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RE: PsycArticles License


Then why do they sell electronic access at all?  There's a whole lot more
opportunity for mass redistribution, if anyone wants to do that, by the
1000s of users who have legit access to their own campus electronic
subscriptions, than via the relatively small number of ILL'd articles on
obviously scattered subjects.

It's clear to me that restricting ILL is just another point at which
publishers can squeeze every institution in the academic community toward
*subscribing* to every journal from which that institution might need an
article now and then.  And every place they can squeeze, they will
squeeze.  It is not in the interests of the people we serve, who are the
people who write these same articles, to simply accept these restrictions
without response.

Tom Murray
Director, Wendt Engineering Library
University of Wisconsin-Madison

On 29 Nov 2001, at 23:20, Rick Anderson wrote:

> At the risk of reigniting an old argument:
> > The only possible
> > reason for greater restrictions on ILL from e-journals than print was the
> > possibility of the copies multiplying due to the ease of reproduction.
> > Since a print article can be scanned and then multiplied similarly, this
> > distinction is obsolete.
> Not true.  Send me an article as an e-mail attachment, and I can forward
> it to several thousand people in a matter of five mouseclicks and ten
> seconds. Fax or snail-mail the article to me and I'd have to go to the
> considerably greater effort of scanning, formatting and saving each page
> first.  That's more than enough effort to prevent casual or accidental
> wholesale redistribution.  No, it won't stop someone who is determined and
> highly motivated.  But the question isn't whether print-only ILL policies
> are failsafe; the question is whether they erect a reasonable barrier that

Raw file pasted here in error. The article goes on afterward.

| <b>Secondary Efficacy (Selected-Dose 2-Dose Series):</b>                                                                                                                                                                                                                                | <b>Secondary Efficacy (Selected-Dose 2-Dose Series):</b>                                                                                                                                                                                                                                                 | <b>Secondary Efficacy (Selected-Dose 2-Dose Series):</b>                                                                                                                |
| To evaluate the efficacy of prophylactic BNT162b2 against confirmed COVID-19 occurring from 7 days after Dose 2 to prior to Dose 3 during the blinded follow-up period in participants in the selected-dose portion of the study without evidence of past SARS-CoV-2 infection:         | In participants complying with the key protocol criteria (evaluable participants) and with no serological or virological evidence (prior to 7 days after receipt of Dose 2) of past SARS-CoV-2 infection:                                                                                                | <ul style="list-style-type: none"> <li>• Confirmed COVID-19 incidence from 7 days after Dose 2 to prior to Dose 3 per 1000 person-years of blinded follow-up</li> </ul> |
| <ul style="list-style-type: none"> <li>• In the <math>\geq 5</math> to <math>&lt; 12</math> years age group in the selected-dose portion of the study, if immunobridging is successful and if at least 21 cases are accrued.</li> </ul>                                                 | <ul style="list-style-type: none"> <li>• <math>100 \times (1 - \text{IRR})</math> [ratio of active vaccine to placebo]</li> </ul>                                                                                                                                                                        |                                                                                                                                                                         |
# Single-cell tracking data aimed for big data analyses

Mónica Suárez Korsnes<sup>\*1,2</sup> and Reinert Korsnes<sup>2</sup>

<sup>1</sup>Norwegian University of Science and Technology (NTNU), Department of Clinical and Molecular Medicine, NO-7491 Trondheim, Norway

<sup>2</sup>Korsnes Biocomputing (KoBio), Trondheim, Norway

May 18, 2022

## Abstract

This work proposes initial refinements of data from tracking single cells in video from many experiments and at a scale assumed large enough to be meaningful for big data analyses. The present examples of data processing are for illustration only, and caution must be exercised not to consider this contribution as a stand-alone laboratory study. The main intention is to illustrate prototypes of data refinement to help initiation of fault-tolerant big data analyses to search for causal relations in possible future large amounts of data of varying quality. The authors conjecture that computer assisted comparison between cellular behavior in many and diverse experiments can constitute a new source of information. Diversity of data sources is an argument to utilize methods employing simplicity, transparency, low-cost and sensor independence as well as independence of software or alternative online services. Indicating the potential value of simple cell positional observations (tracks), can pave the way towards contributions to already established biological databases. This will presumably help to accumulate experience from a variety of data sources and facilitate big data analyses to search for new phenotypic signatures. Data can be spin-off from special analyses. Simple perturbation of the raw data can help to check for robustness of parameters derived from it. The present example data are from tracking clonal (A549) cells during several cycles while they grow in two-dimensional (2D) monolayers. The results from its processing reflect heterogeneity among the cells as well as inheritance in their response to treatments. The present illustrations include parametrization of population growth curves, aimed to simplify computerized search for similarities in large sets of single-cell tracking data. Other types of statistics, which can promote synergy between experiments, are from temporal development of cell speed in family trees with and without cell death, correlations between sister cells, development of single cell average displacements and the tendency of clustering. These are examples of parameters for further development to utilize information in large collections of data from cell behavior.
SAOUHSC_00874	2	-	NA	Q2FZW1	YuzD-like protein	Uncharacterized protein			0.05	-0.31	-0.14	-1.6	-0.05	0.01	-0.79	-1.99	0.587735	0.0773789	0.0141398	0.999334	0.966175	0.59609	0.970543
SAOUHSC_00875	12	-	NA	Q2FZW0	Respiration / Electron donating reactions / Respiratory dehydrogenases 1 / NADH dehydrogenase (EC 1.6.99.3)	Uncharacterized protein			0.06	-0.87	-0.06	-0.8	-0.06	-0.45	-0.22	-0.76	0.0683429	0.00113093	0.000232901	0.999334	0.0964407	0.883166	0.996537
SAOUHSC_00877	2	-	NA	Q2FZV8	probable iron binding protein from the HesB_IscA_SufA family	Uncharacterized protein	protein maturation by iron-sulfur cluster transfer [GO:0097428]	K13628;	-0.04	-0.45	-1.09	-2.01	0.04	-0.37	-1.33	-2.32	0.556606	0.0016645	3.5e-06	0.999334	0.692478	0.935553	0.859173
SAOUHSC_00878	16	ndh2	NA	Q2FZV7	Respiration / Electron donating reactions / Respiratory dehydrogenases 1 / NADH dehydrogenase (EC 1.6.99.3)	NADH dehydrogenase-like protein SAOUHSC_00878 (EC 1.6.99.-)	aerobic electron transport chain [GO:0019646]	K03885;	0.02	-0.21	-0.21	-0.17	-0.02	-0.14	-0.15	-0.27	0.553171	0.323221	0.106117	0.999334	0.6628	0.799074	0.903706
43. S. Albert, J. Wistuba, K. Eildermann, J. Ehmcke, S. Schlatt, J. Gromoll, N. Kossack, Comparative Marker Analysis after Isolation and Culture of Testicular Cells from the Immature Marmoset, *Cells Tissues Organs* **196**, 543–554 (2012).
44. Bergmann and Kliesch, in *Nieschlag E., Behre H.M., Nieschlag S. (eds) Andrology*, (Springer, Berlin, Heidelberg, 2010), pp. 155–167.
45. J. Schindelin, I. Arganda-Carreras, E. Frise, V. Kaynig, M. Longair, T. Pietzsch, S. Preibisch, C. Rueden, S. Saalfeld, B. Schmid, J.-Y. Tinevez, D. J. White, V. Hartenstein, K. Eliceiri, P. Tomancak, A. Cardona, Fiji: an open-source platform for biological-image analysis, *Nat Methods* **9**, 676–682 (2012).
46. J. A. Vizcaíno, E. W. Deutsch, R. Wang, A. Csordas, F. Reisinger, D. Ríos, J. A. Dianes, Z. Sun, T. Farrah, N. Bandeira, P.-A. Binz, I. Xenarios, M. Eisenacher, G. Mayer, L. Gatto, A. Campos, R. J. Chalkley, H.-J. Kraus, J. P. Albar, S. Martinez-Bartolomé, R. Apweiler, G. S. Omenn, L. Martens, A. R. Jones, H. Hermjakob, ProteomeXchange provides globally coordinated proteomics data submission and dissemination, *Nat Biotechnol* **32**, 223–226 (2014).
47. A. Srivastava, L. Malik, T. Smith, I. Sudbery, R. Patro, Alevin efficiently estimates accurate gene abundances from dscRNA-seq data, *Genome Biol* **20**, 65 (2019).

> makes piracy less likely.  We can argue about whether they do those
> things, but let's not pretend that the mass redistribution of print is as
> easy as the mass forwarding of e-mail.
> > What prevents copies being re-published in the
> > electronic era is the law abiding nature of librarians, who, if anything,
> > are too over-cautious to make full use of the rights they do have.  I know
> > of no case where academic librarians have ever deliberately and
> > systematically violated copyright on a substantial scale for any material,
> > print or electronic, for text or other media.
> Publishers are not, I believe, worried that librarians are going to widely
> redistribute their materials.  They're worried that end users will.  By no
> means is this a foolish worry, especially if the end user is a
> Napster-minded undergrad who equates intellectual property with fascism.
> -------------
> Rick Anderson
> Director of Resource Acquisition
> The University Libraries
> University of Nevada, Reno        "The only thing worse than a
> 1664 No. Virginia St.              silly politician analyzing
> Reno, NV  89557                    art is a silly artist
> PH  (775) 784-6500 x273            analyzing politics."
> FX  (775) 784-1328                     -- Jonathan Alter
> rickand@unr.edu